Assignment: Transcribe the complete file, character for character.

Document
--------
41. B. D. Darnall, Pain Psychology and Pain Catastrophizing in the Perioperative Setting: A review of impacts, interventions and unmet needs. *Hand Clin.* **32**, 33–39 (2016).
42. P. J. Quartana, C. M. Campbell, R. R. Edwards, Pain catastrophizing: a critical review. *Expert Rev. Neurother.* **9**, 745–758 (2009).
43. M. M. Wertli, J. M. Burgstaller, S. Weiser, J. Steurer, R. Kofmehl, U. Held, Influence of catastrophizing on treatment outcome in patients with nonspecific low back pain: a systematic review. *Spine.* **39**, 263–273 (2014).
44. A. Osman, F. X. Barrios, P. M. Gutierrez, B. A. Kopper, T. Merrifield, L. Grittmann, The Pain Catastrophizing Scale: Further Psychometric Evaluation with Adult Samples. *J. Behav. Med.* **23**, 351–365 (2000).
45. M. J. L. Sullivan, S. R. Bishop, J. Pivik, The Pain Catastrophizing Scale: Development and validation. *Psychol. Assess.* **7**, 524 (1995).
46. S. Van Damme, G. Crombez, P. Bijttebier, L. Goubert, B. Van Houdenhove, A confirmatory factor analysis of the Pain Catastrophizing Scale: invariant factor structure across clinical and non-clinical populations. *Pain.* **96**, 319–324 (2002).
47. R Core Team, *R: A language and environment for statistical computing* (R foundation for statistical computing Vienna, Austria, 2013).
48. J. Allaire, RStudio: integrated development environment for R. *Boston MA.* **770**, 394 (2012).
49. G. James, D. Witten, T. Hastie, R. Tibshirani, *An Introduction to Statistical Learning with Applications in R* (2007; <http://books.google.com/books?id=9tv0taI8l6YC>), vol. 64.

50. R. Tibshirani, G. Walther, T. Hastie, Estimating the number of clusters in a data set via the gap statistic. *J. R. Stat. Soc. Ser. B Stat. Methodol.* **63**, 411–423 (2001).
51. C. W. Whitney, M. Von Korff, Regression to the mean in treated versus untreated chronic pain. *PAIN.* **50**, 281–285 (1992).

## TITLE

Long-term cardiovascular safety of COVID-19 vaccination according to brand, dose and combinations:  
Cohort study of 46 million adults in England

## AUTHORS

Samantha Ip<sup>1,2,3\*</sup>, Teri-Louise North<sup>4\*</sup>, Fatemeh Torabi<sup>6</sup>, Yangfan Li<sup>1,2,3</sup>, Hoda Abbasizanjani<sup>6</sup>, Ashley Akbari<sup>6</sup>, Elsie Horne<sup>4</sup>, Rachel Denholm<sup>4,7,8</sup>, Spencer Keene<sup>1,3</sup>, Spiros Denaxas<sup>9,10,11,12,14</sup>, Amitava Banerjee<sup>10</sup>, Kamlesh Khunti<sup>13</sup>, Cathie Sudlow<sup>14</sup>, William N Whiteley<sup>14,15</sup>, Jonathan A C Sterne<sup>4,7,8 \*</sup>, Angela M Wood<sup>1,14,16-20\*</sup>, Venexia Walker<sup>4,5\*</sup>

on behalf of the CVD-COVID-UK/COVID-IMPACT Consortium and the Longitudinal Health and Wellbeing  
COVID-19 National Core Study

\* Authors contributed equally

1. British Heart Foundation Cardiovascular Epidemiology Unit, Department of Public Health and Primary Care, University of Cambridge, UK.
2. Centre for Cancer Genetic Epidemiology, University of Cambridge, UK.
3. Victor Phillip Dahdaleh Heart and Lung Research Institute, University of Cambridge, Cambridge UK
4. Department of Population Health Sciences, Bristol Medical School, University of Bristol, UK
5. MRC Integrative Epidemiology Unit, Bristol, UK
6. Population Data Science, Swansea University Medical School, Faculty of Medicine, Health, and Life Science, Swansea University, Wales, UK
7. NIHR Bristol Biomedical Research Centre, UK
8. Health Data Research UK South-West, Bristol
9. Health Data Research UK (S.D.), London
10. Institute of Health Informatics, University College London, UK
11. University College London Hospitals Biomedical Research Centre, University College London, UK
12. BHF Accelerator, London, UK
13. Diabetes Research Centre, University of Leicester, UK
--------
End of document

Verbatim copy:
41. B. D. Darnall, Pain Psychology and Pain Catastrophizing in the Perioperative Setting: A review of impacts, interventions and unmet needs. *Hand Clin.* **32**, 33–39 (2016).
42. P. J. Quartana, C. M. Campbell, R. R. Edwards, Pain catastrophizing: a critical review. *Expert Rev. Neurother.* **9**, 745–758 (2009).
43. M. M. Wertli, J. M. Burgstaller, S. Weiser, J. Steurer, R. Kofmehl, U. Held, Influence of catastrophizing on treatment outcome in patients with nonspecific low back pain: a systematic review. *Spine.* **39**, 263–273 (2014).
44. A. Osman, F. X. Barrios, P. M. Gutierrez, B. A. Kopper, T. Merrifield, L. Grittmann, The Pain Catastrophizing Scale: Further Psychometric Evaluation with Adult Samples. *J. Behav. Med.* **23**, 351–365 (2000).
45. M. J. L. Sullivan, S. R. Bishop, J. Pivik, The Pain Catastrophizing Scale: Development and validation. *Psychol. Assess.* **7**, 524 (1995).
46. S. Van Damme, G. Crombez, P. Bijttebier, L. Goubert, B. Van Houdenhove, A confirmatory factor analysis of the Pain Catastrophizing Scale: invariant factor structure across clinical and non-clinical populations. *Pain.* **96**, 319–324 (2002).
47. R Core Team, *R: A language and environment for statistical computing* (R foundation for statistical computing Vienna, Austria, 2013).
48. J. Allaire, RStudio: integrated development environment for R. *Boston MA.* **770**, 394 (2012).
49. G. James, D. Witten, T. Hastie, R. Tibshirani, *An Introduction to Statistical Learning with Applications in R* (2007; <http://books.google.com/books?id=9tv0taI8l6YC>), vol. 64.

50. R. Tibshirani, G. Walther, T. Hastie, Estimating the number of clusters in a data set via the gap statistic. *J. R. Stat. Soc. Ser. B Stat. Methodol.* **63**, 411–423 (2001).
51. C. W. Whitney, M. Von Korff, Regression to the mean in treated versus untreated chronic pain. *PAIN.* **50**, 281–285 (1992).

## TITLE

Long-term cardiovascular safety of COVID-19 vaccination according to brand, dose and combinations:  
Cohort study of 46 million adults in England

## AUTHORS

Samantha Ip<sup>1,2,3\*</sup>, Teri-Louise North<sup>4\*</sup>, Fatemeh Torabi<sup>6</sup>, Yangfan Li<sup>1,2,3</sup>, Hoda Abbasizanjani<sup>6</sup>, Ashley Akbari<sup>6</sup>, Elsie Horne<sup>4</sup>, Rachel Denholm<sup>4,7,8</sup>, Spencer Keene<sup>1,3</sup>, Spiros Denaxas<sup>9,10,11,12,14</sup>, Amitava Banerjee<sup>10</sup>, Kamlesh Khunti<sup>13</sup>, Cathie Sudlow<sup>14</sup>, William N Whiteley<sup>14,15</sup>, Jonathan A C Sterne<sup>4,7,8 \*</sup>, Angela M Wood<sup>1,14,16-20\*</sup>, Venexia Walker<sup>4,5\*</sup>

on behalf of the CVD-COVID-UK/COVID-IMPACT Consortium and the Longitudinal Health and Wellbeing  
COVID-19 National Core Study

\* Authors contributed equally

1. British Heart Foundation Cardiovascular Epidemiology Unit, Department of Public Health and Primary Care, University of Cambridge, UK.
2. Centre for Cancer Genetic Epidemiology, University of Cambridge, UK.
3. Victor Phillip Dahdaleh Heart and Lung Research Institute, University of Cambridge, Cambridge UK
4. Department of Population Health Sciences, Bristol Medical School, University of Bristol, UK
5. MRC Integrative Epidemiology Unit, Bristol, UK
6. Population Data Science, Swansea University Medical School, Faculty of Medicine, Health, and Life Science, Swansea University, Wales, UK
7. NIHR Bristol Biomedical Research Centre, UK
8. Health Data Research UK South-West, Bristol
9. Health Data Research UK (S.D.), London
10. Institute of Health Informatics, University College London, UK
11. University College London Hospitals Biomedical Research Centre, University College London, UK
12. BHF Accelerator, London, UK
13. Diabetes Research Centre, University of Leicester, UK